If you are new to my blog, welcome! I’m Sanda Stojakovic and I’m the author of My Design Playbook. A year ago my husband and I bought a 1970 Colonial house that needed many updates but we were so excited about this purchase that we knew we could turn this house into our home. Ever since we started on this journey to modernize our house I realized that we really enjoy this type of work and it quickly turned into something we love doing together. Follow along as we renovate our powder room over the next few weeks for the Fall 2020 One Room Challenge and mark your calendar for the final reveal on November 12-22th.
If I could use one word to describe week 2 of the power room transformation it would be demolition. If you missed previous weeks post that goes over the powder room state you can find that here. Overall, the power room looks far worse now than what we started with. I have noticed that in all the One Room Challenges I have participated, we tends to be the week where the room I’m transforming goes from bad to worse. I keep tell myself, “it must look ugly, before it can look pretty” and this has been my motto of this week. Until things start looking better than a horror movie set, I’m only going to look at the power room with looks this lady in the portrait is portraying.
I think she has the whole, ” I got this, don’t questions me” look in her eye that I can get behind.
So what have we accomplished this week?
We pulled out the towel holder and toilet paper holders causing some pretty nasty holes in the wall.
We discovered an enormous hole in the wall after removing the mirror. Apparently the previous owners has medicine cabinet in the bathroom that they decided to remove and hide with a mirror.
We also ripped out the vanity and plumbing. My goal was to use the current vanity and just update the vanity top with marble and paint the bottom party white but after extensive research, it was more cost effective to replace the whole vanity than try to replace the vanity top with marble.
Patching the holes for from the towel holder and toilet paper holder was fairly easy but patching the vanity mirror hole is still a work in progress.
For the hole hidden by the vanity mirror, we used left over drywall and drywall compound to cover the hole. The image above depicts the second iteration of adding the drywall compound. We still have to sand the wall and review if we need to add another layer. The patching of the vanity mirror hole will definitely take some effort in week three to complete.
Towards the end of the week, also started installing trim work. Before installing chair rail I was not sure how high I wanted the chair rail to go. Typical chair rail is between 28″ – 32″ but that average can be thrown out the window in bathrooms because typically you want chair rail to be somewhere around vanity height or higher to protect your wall from water being splashed and boy do I need that wit the toddlers who love to play with water.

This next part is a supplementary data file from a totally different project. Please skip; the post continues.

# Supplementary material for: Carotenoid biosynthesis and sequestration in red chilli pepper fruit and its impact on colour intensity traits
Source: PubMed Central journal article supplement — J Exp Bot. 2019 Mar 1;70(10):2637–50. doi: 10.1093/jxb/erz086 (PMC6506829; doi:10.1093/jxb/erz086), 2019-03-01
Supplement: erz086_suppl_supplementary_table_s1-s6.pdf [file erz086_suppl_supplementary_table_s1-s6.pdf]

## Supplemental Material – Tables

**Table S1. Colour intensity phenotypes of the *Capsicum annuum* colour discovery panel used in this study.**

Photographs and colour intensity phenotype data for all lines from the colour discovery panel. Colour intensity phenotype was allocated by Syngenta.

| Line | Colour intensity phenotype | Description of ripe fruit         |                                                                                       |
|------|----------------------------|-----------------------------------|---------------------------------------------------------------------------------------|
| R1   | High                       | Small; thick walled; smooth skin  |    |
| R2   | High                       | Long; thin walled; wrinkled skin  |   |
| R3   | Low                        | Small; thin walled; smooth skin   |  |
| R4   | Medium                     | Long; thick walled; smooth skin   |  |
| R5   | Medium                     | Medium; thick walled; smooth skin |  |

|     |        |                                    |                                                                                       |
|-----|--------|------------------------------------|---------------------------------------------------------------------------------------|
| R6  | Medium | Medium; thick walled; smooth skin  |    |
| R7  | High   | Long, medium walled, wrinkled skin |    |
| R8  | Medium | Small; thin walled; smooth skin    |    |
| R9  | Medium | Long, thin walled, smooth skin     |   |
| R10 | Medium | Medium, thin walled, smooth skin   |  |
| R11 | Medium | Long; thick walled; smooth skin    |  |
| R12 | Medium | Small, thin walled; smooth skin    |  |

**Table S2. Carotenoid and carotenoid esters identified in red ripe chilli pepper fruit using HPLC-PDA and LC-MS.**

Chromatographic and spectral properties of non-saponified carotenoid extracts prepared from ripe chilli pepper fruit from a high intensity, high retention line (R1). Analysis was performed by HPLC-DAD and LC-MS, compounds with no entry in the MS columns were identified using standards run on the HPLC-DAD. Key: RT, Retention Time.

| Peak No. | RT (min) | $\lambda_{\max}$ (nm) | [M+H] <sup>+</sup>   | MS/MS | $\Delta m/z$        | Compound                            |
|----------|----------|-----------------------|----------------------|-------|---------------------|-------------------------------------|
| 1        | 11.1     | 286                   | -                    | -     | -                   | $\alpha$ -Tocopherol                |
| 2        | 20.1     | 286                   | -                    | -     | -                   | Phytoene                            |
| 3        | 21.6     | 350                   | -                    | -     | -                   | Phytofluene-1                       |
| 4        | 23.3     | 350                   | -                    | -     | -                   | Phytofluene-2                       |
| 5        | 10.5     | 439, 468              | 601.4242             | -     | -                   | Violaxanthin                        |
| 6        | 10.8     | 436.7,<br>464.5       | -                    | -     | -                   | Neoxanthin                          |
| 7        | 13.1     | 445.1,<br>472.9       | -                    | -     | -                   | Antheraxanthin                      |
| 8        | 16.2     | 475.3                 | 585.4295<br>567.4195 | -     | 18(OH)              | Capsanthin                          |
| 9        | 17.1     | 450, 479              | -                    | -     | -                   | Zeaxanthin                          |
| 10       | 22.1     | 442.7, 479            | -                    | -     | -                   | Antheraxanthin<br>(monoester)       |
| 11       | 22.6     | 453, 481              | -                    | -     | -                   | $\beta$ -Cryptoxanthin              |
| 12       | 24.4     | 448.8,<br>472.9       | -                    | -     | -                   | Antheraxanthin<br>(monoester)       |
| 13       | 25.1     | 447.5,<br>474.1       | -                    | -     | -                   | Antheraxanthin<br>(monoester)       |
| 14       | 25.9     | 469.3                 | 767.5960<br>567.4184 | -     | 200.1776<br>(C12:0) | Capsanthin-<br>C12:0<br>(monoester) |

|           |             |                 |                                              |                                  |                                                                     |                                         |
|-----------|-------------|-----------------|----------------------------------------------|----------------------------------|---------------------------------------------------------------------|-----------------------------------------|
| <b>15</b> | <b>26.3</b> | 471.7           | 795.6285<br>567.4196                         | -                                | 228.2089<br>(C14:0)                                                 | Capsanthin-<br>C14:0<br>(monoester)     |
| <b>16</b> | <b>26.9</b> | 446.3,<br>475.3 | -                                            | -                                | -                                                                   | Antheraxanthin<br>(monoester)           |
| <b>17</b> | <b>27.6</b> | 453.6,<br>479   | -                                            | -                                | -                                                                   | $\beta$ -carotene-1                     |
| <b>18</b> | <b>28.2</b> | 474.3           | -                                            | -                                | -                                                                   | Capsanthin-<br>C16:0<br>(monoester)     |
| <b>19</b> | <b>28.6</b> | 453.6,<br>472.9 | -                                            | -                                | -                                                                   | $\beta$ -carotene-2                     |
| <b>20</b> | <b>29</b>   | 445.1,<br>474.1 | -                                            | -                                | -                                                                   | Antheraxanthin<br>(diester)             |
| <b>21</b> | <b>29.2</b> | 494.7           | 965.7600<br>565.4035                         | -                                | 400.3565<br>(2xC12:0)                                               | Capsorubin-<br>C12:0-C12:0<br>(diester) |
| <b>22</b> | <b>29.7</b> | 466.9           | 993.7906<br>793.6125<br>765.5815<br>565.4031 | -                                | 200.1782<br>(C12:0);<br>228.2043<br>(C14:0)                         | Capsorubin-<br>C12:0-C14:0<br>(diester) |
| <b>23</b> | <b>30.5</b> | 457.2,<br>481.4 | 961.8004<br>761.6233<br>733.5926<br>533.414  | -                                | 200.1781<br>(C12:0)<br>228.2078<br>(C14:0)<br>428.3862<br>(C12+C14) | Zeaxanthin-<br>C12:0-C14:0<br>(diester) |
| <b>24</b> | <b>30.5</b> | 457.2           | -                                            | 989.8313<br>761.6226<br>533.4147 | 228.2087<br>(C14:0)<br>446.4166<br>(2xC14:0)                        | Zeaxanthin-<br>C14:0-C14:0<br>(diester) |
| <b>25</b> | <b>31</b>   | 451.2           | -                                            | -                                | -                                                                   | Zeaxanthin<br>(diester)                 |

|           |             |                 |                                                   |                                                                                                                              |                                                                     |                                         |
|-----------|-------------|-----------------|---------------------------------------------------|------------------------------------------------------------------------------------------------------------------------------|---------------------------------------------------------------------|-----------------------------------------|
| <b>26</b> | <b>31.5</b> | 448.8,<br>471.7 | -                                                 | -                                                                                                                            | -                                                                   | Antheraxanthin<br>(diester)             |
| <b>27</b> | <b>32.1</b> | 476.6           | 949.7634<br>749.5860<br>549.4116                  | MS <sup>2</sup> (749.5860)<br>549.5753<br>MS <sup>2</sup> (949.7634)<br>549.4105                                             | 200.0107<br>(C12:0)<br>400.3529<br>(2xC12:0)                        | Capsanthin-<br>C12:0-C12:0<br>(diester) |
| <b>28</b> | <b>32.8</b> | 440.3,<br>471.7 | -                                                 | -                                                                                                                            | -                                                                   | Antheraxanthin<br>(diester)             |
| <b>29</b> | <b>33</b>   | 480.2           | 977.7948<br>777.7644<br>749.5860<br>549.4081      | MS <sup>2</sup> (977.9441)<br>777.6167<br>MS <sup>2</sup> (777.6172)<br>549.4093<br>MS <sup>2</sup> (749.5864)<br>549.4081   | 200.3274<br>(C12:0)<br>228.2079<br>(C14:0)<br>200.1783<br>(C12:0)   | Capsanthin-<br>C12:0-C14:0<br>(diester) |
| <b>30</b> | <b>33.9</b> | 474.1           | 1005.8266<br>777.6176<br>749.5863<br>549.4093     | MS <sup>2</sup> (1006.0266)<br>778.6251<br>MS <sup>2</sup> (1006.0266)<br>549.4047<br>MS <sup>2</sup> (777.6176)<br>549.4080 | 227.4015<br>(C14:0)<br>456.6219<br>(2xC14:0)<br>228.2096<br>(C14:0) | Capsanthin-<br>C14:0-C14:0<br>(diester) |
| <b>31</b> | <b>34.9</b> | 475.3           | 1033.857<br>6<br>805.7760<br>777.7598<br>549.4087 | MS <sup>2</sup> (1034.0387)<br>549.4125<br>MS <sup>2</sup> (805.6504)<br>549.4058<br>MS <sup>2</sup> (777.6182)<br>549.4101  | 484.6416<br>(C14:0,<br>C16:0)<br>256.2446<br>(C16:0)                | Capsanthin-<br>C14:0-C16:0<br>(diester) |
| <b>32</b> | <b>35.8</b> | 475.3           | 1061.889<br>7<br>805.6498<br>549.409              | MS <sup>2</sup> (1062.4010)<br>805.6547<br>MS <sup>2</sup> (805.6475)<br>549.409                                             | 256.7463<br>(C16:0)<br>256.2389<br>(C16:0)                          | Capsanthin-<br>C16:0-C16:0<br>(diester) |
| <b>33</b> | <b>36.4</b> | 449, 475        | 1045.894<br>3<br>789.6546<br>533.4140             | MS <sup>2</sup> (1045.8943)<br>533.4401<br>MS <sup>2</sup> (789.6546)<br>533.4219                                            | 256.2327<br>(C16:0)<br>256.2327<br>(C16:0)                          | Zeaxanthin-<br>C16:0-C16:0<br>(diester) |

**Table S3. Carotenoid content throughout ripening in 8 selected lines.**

Here are some inspiration photos I found of various chair rail and trim work heights that are around vanity height, or higher than the vanity height.
First let’s take a look at few that are at about vanity height.
Here are a few inspiration photos of chair rail and trim work above the vanity.
Since we have only 8ft ceiling, we decided to go with chair rail that is on the lower side or exactly vanity height. The reason I prefer chair rails on the lower sides is because I feel gives the illusion of higher wall and ceiling and that is always the goal.
Here is what the installed chair rail currently looks like. I used painters tape to determine how big I want the shadow boxes to be. I think using painters tape is a great way to visual trim work and has saves me from being decisions that I would not have liked in hindsight.
If you want to know more about how to cut and install trim work I have written two blog articles about this process which can be found below:
This week I also scored some vintage items from an estate sale that I think would look great in the power room. One of the items I found on Chairis is selling for 99 times more than what I bought it for. I paid $5 for it and it’s currently selling for $495. If you are interested to learn what the item is and how to recognize value vintage pieces, check out my Fall ORC highlight stories on Instagram under design.playbook . I will be posting daily powder room progress updates there as well.
Here is a quick to do list:
Remove towel and toilet paper holder Remove vanity and light Install chair rail
- Install trim work
- Prime and sand walls
- Install wallpaper
- Paint ceiling
- Install vanity
- Source vintage mirror
- Install lighting
- Install vent
- Order towel and toiler paper holder
- Order small rug
Thank you for following along my journey. Don’t forget to check out other room transformations on the ORC blog page.